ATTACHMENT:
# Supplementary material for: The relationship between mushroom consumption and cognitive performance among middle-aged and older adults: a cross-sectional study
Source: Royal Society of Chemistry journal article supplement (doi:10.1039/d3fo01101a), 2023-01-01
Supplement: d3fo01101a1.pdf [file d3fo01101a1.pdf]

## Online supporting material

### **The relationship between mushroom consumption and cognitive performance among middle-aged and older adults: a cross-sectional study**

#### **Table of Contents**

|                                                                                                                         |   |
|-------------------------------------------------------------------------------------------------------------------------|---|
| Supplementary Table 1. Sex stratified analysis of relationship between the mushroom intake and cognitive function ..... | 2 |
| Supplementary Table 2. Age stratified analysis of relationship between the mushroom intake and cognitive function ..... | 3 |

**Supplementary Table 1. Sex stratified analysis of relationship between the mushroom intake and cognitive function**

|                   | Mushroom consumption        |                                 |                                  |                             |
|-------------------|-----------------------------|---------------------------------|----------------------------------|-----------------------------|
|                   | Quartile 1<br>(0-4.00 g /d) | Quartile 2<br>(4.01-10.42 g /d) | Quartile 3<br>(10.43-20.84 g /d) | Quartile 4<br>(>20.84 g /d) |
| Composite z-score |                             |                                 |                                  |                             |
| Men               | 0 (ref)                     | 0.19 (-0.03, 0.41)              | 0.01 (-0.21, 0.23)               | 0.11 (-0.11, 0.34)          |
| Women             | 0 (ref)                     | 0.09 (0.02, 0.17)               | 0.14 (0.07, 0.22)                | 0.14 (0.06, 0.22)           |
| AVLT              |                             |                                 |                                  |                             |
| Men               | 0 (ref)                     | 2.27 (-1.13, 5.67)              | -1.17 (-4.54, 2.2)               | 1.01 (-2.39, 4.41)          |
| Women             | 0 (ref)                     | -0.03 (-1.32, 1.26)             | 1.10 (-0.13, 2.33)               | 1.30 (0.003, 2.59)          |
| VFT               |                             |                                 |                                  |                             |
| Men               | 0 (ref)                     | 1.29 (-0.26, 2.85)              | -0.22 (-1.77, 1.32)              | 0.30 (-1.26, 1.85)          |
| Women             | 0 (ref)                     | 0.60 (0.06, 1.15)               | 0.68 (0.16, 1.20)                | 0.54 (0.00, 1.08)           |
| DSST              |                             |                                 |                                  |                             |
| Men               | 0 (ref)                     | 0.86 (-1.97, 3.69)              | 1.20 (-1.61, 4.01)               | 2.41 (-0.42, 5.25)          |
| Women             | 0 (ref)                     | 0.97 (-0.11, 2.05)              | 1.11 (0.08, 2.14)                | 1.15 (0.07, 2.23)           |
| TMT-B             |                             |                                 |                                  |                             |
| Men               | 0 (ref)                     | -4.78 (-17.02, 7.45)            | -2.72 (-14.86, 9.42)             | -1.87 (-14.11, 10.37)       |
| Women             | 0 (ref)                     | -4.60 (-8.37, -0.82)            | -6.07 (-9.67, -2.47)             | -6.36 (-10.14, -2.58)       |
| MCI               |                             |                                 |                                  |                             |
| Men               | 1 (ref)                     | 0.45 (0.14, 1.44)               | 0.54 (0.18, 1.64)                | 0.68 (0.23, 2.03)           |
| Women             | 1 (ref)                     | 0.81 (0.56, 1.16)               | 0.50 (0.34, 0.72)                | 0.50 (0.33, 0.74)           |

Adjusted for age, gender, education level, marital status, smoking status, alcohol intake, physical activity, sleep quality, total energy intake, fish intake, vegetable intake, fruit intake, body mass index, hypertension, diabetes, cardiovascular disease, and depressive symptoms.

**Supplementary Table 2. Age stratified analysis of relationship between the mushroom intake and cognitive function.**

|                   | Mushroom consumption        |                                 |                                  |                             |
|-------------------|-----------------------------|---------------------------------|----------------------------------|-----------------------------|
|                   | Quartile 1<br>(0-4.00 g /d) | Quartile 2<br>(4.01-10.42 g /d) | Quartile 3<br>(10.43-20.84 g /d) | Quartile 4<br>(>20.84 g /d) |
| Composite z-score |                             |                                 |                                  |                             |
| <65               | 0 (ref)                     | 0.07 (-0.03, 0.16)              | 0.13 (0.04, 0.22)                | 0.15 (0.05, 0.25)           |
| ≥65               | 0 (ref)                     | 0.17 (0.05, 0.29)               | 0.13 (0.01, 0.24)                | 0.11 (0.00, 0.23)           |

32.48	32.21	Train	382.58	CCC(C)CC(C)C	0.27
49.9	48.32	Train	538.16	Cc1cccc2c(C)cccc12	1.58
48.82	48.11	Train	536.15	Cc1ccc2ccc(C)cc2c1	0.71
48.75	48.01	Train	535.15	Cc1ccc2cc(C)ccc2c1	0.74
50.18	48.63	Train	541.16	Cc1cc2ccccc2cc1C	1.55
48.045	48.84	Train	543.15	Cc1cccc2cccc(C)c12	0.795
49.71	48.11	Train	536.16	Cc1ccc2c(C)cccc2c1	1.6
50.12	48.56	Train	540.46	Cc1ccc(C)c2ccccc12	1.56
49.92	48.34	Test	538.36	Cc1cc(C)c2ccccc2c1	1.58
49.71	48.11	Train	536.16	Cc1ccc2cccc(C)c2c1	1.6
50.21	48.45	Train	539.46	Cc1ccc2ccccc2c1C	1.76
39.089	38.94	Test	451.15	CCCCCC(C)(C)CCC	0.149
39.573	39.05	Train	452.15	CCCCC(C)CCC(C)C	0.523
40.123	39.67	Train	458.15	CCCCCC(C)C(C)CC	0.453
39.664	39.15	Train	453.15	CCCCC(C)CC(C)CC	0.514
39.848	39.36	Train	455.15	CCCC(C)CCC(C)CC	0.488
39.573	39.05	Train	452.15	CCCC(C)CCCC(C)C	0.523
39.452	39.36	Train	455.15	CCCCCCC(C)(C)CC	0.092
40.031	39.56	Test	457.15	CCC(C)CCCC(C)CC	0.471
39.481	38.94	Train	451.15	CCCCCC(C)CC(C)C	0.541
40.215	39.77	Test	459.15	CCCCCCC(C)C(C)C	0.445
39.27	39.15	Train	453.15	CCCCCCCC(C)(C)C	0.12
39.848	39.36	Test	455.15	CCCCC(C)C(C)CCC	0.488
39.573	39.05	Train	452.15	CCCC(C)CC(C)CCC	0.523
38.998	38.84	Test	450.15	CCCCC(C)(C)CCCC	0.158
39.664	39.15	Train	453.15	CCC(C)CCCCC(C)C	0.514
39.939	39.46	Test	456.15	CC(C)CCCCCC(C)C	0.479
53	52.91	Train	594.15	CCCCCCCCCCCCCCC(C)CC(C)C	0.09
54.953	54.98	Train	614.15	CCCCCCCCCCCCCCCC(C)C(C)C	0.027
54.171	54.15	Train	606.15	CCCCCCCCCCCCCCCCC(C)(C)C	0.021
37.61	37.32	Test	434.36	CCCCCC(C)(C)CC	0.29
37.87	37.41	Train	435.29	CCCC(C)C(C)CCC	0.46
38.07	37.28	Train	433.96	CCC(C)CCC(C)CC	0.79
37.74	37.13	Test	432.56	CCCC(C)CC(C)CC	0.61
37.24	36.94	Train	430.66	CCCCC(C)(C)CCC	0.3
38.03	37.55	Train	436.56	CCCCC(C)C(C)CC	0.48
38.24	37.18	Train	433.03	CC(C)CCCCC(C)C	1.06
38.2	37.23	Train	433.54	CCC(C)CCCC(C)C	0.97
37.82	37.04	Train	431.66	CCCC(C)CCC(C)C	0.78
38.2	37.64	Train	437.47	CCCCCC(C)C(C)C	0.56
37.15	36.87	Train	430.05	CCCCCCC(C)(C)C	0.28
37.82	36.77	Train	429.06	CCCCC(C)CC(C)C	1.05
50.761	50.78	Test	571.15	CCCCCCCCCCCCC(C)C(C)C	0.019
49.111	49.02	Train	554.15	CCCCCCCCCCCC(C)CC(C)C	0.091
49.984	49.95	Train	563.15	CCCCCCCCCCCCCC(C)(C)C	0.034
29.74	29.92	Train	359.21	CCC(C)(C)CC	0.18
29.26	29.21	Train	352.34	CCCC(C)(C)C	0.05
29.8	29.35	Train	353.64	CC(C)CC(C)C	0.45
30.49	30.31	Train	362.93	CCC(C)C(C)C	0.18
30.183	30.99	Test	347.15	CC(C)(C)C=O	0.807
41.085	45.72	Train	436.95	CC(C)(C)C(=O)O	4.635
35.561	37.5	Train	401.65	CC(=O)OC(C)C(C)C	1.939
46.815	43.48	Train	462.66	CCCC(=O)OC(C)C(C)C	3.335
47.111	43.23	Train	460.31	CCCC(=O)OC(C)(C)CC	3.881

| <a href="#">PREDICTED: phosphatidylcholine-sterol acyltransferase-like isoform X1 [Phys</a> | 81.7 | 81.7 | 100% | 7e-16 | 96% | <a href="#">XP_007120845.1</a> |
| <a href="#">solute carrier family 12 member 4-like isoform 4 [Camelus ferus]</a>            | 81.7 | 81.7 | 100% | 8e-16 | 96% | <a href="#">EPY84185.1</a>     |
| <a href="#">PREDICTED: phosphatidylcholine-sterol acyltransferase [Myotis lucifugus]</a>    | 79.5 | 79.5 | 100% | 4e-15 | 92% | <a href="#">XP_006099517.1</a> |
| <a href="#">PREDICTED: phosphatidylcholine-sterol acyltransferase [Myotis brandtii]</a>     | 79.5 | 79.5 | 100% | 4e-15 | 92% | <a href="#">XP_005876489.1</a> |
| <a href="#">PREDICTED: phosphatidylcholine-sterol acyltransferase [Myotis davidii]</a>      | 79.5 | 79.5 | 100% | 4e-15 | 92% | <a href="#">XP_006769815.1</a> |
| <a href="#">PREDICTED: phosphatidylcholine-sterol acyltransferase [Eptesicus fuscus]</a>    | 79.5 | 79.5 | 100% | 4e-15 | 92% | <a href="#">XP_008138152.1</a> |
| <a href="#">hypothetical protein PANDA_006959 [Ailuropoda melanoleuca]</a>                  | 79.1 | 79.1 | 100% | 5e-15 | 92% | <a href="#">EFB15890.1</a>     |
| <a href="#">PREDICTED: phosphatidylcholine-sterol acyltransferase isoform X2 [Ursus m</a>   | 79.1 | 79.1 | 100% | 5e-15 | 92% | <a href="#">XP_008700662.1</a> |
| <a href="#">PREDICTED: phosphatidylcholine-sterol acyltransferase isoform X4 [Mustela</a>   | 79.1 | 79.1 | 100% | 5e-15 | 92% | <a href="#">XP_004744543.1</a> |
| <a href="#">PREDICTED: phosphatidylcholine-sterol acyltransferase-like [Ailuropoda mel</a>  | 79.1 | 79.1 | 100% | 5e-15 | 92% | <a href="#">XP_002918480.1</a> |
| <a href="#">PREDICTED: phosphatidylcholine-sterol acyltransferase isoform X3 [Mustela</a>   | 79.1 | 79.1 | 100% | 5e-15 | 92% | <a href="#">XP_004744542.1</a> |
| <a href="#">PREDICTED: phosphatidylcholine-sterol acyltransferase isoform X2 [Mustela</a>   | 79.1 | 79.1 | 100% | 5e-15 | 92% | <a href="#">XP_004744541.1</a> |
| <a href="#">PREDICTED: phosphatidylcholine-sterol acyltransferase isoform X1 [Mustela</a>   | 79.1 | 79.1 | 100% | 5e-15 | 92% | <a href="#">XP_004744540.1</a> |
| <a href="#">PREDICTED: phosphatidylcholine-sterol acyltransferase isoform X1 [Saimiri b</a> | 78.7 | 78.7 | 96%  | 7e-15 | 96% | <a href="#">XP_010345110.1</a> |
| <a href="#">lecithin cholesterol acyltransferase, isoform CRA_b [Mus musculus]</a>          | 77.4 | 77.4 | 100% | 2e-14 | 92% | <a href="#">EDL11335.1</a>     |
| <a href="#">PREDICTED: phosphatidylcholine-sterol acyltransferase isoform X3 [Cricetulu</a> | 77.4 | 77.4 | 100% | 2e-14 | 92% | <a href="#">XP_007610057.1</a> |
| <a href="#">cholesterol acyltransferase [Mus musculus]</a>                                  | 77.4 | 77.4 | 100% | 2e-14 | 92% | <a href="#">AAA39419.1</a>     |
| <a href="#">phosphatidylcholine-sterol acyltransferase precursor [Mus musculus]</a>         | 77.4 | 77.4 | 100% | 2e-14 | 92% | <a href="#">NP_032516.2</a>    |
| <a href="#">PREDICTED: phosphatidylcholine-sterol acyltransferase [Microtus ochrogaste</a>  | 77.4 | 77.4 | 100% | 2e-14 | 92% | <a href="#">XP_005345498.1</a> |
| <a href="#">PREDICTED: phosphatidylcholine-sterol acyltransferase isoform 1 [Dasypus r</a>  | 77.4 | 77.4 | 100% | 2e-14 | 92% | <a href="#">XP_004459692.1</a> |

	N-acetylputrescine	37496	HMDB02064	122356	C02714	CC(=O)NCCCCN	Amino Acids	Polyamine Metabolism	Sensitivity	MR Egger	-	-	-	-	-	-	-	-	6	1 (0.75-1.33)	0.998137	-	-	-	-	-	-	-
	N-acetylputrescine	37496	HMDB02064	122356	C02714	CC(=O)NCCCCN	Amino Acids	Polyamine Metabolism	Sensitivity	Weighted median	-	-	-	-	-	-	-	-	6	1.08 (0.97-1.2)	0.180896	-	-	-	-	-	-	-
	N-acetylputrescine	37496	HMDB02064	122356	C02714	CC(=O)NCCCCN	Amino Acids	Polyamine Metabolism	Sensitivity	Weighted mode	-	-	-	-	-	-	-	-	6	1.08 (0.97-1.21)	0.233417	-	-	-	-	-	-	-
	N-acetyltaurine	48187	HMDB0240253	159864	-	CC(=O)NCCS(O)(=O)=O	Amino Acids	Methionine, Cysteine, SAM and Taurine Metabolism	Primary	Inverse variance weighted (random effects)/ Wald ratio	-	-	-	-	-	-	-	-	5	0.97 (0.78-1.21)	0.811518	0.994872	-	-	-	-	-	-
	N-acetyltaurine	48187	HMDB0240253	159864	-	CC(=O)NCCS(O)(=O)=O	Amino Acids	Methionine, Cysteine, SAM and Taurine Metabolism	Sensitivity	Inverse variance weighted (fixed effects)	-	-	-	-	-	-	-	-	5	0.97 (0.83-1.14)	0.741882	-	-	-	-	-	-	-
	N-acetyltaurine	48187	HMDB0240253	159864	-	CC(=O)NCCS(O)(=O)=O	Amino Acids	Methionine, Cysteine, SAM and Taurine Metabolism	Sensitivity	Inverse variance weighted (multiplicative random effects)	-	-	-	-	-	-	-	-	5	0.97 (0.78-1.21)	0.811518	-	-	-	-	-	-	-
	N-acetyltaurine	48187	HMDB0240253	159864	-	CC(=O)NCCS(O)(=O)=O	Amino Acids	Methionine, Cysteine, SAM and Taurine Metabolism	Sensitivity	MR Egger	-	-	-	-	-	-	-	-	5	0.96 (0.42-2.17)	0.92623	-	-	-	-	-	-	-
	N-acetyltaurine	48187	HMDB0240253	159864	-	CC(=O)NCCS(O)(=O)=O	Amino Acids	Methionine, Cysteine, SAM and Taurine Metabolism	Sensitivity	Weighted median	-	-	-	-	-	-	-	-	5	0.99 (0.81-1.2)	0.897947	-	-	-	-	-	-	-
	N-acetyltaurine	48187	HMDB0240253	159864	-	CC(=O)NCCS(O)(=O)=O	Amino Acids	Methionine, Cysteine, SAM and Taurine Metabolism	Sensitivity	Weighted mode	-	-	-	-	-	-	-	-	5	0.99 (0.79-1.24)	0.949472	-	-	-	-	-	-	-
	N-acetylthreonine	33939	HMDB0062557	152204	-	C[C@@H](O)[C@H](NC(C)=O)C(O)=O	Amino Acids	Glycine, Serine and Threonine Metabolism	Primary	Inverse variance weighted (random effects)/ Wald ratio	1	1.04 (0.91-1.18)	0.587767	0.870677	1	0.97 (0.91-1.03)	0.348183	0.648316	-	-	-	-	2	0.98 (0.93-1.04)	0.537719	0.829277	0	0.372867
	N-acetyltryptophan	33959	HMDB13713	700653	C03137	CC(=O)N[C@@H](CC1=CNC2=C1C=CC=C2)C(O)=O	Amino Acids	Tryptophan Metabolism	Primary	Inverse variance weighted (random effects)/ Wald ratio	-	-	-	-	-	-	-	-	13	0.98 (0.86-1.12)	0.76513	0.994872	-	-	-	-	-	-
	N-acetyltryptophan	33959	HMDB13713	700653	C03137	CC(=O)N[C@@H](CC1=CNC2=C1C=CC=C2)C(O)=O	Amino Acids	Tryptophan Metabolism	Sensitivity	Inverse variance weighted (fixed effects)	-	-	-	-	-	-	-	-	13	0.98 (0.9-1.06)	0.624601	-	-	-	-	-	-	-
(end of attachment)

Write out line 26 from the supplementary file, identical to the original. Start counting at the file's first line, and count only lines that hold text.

| Women             | 0 (ref)                     | 0.97 (-0.11, 2.05)              | 1.11 (0.08, 2.14)                | 1.15 (0.07, 2.23)           |